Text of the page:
The fellowship program is part of the library’s "diversity, equity and inclusion," or DEI, effort. While DEI sounds righteous, it is a smokescreen for a socially corrosive and anti-American agenda that is being aggressively pushed by academics, woke corporations, the media and leftists in government that puts a racial spin on the Marxist concept of class struggle.
Instead of pitting workers against the capitalists, the taxonomy of DEI divides society into whites and non-whites – the former are labeled the oppressors and the latter the oppressed.
Against that backdrop, proponents of DEI like Ibram X. Kendi – the author of an instruction manual for racists that is deceptively titled How to be an Antiracist – have extolled the virtues of anti-white DEI racism.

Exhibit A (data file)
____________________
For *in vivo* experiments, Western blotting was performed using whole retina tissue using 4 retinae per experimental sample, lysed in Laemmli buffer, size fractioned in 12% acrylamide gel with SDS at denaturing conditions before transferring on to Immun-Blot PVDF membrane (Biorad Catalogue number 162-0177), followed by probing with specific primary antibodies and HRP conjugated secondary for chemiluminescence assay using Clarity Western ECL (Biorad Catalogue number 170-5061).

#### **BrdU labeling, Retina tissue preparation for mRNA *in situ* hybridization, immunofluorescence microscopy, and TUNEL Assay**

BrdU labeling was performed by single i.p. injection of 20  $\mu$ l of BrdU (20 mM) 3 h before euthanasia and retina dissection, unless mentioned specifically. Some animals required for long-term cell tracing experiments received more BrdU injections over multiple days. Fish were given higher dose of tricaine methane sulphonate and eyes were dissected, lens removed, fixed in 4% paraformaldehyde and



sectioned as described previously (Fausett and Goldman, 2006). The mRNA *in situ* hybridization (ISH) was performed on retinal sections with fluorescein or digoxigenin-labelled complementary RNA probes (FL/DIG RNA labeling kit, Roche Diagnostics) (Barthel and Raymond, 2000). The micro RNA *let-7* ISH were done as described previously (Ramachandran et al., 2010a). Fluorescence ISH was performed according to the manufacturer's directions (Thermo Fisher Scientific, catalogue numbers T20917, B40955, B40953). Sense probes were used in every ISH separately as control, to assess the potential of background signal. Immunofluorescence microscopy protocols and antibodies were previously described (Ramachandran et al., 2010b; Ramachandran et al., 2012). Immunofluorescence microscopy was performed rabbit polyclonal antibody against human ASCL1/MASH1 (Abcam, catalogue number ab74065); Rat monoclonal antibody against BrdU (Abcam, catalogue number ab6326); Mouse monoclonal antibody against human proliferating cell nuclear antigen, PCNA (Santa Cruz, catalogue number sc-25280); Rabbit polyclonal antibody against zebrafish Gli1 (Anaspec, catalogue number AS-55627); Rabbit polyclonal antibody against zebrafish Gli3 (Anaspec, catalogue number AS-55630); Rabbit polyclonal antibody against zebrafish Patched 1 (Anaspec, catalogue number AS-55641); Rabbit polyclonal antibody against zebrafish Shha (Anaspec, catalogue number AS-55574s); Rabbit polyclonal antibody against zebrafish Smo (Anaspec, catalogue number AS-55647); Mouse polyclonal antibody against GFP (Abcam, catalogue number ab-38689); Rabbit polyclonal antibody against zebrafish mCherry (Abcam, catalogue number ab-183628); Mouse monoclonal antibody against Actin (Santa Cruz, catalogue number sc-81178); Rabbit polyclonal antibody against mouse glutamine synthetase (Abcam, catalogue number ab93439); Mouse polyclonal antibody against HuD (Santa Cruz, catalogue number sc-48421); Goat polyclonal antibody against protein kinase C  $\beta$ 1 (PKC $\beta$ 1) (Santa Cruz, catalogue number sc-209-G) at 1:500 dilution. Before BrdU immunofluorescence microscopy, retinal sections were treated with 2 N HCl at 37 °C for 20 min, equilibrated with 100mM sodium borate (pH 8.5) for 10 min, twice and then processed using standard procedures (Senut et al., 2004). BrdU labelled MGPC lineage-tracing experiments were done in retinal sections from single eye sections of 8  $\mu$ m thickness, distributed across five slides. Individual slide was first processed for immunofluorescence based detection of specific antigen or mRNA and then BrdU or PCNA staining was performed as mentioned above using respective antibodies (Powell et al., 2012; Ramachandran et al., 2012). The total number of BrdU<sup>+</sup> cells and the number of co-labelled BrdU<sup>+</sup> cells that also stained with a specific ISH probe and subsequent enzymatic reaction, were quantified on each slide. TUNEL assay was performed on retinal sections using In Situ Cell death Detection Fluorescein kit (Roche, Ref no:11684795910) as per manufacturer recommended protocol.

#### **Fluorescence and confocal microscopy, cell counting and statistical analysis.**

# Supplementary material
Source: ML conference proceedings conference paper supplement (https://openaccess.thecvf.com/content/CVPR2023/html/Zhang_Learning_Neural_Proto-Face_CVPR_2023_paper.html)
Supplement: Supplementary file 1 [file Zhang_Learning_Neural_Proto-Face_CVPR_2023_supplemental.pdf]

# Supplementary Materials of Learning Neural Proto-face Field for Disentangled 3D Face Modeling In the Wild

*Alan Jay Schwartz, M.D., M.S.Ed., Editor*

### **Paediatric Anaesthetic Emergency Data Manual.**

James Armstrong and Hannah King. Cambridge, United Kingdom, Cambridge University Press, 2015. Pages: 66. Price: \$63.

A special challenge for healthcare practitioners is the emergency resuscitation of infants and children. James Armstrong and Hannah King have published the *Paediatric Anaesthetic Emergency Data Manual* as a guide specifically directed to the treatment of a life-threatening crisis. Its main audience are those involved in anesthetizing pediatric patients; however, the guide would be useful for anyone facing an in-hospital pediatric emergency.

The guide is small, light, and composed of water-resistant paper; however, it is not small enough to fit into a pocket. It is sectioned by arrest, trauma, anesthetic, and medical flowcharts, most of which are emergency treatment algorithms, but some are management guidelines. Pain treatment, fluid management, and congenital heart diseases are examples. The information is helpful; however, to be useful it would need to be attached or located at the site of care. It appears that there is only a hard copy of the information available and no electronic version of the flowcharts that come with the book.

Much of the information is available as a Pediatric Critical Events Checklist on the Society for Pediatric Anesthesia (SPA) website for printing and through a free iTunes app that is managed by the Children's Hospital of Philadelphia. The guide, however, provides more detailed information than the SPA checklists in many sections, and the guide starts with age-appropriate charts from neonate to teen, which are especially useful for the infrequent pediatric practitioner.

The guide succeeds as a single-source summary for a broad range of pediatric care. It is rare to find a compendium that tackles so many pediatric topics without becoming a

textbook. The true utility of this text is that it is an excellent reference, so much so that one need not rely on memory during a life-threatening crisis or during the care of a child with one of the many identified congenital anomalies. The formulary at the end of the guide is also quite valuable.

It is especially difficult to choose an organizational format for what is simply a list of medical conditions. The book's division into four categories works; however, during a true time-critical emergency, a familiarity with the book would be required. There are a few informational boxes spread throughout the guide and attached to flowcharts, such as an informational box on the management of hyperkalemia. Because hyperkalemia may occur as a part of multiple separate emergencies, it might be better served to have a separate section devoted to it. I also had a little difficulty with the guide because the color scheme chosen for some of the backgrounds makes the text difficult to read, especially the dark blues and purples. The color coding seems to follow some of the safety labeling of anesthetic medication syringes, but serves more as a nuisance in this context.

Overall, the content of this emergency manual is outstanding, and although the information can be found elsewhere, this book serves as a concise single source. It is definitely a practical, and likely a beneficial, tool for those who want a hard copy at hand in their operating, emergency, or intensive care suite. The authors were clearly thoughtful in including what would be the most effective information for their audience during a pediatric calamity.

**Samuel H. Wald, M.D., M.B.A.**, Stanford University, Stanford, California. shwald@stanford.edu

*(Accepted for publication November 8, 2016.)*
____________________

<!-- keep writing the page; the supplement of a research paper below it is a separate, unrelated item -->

Indeed, Kendi has declared that "[t]he only remedy to past discrimination is present discrimination," and "[t]he only remedy to present discrimination is future discrimination."
Although racial discrimination under the guise of DEI is in vogue, it is glaringly unlawful— especially when engaged in by a governmental actor like a public library.
The full letter from the EPP to the Albany Public Library can be read here.
Ameer Benno is an experienced civil rights and constitutional law attorney. He is the founder and principal of Benno & Associates P.C., an appellate and civil rights law firm in New York City. A graduate of the Johns Hopkins University and Cornell Law School, Ameer is a former Manhattan prosecutor and congressional candidate. He is a contributor and legal analyst for Newsmax Television. Read More — Here.